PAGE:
How Positive Are We?

by Johnny Carlton

Copyright 2012 Johnny Giesbrecht

Johnny Carlton is a writer of suspense thrillers available as e-books at

We’ve heard a lot about the importance of being positive in our lives, rather than negative–in our thinking, in our feeling.  Books have been written about it.  I think they’ve been mostly secular, although a fair amount of Christian material has also been produced on this important subject.

What does it mean to be positive?  What does it mean to be negative?  What are the results of lifestyles based on either one?  How do we get to be one or the other?  A lot could be said about what constitutes being positive or negative, but let’s try to boil it down to the most important elements.  In doing so we’ll see how utterly important the issue becomes.

To be positive means to be victorious, powerful, happy, and good.  To be negative means to be a failure, to be weak, to be miserable, to be evil.  Quite a contrast, isn’t there?  Important?  Yes, extremely important.

This being the case, one would think that a great deal of prayer, thought, and mental-spiritual effort, on the part of Christians, would go into acquiring a positive nature.  Is this the case?  It doesn’t seem to be.  It seems, rather, that most of us are content to occasionally remind ourselves that it’s important to be positive, and then go on much as we have been up to that point: being positive part of the time and being negative part of the time, being victorious and loving part of the time, and being selfish failures part of the time, being happy part of the time and being depressed part of the time, and so on.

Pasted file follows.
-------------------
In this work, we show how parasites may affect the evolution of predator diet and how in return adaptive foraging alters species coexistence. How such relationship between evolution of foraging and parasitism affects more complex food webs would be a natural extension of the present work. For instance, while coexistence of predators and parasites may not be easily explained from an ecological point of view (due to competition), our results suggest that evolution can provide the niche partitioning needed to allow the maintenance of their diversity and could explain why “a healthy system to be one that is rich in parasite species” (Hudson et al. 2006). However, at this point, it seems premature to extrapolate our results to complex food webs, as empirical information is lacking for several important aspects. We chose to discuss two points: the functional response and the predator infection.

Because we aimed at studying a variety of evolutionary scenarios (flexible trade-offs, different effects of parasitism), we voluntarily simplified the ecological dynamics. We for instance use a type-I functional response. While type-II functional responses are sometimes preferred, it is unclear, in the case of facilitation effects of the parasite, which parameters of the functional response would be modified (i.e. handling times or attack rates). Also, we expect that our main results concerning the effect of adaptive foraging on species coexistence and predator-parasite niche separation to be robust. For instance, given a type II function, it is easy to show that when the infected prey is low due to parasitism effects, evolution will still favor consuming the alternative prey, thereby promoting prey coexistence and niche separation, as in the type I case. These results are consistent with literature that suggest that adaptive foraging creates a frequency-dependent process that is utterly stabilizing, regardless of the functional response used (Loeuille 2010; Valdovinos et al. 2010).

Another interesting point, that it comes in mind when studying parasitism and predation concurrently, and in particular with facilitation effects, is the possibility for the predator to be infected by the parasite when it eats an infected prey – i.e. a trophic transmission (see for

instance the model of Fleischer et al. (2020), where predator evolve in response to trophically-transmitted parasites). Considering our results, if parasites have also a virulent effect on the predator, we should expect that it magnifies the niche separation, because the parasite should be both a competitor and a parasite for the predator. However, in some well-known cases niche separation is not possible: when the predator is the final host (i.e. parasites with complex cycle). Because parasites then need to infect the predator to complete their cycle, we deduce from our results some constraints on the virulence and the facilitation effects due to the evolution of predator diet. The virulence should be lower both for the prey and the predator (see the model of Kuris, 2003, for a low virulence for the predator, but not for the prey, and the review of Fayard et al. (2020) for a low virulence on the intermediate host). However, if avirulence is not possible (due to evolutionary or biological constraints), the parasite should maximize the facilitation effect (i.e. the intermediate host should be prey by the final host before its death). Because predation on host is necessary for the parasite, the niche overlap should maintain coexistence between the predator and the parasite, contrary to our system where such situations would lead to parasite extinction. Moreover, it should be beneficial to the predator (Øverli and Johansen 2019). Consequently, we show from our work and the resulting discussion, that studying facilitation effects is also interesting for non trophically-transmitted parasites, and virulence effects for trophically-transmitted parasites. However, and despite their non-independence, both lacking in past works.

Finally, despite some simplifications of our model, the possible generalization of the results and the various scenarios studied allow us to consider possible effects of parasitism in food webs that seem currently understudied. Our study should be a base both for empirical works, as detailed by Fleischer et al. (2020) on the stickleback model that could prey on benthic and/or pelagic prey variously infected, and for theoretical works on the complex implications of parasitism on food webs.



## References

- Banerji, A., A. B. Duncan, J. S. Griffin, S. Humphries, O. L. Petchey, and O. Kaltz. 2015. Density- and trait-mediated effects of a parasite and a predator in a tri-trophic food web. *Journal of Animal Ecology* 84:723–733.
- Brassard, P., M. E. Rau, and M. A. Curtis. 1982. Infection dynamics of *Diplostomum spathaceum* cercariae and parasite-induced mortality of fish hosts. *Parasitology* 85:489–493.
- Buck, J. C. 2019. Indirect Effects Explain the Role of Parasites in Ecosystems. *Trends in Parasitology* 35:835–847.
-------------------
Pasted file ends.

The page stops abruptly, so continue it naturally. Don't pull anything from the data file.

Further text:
Jesus once asked the question:  “… when the Son of Man (himself) comes, will he find faith on the earth?”  (Luke 18:8b NIV.  My word in parenthesis.)  It seems that Jesus was talking about his second coming, and I think there was a positive warning for us in those words.  I know that when I read them, I tend to look at the present situation regarding my own faith and the faith of my spiritual brothers and sisters, and start thinking about what we could do to improve things.

Born-again people, who have the power of Christ living in them, are supposed to be the distinct leaders in the field of being positive.  I think we are; nevertheless, since the competition is pretty lightweight, we don’t have a lot to write home about.  I would say that in general the positiveness of us Christians is pretty wishy-washy.

But let’s not forget that God doesn’t make us perfect in one day.  He causes us to be born into his family the moment we fully put our trust in Jesus as our Savior, and after that begins the long process of growth of the new nature that God has given us, along with the simultaneous destruction of our old nature.  This is wonderful and just the way God planned it.  What should bother us is a situation in which the growth process slows to a halt, or a near halt.

Each of us can look at ourselves and ask:  Am I the same person today that I was five years ago?–or can I see a substantial change for the better?  If there hasn’t been much change, we can ask ourselves, “How positive do I really want to be?”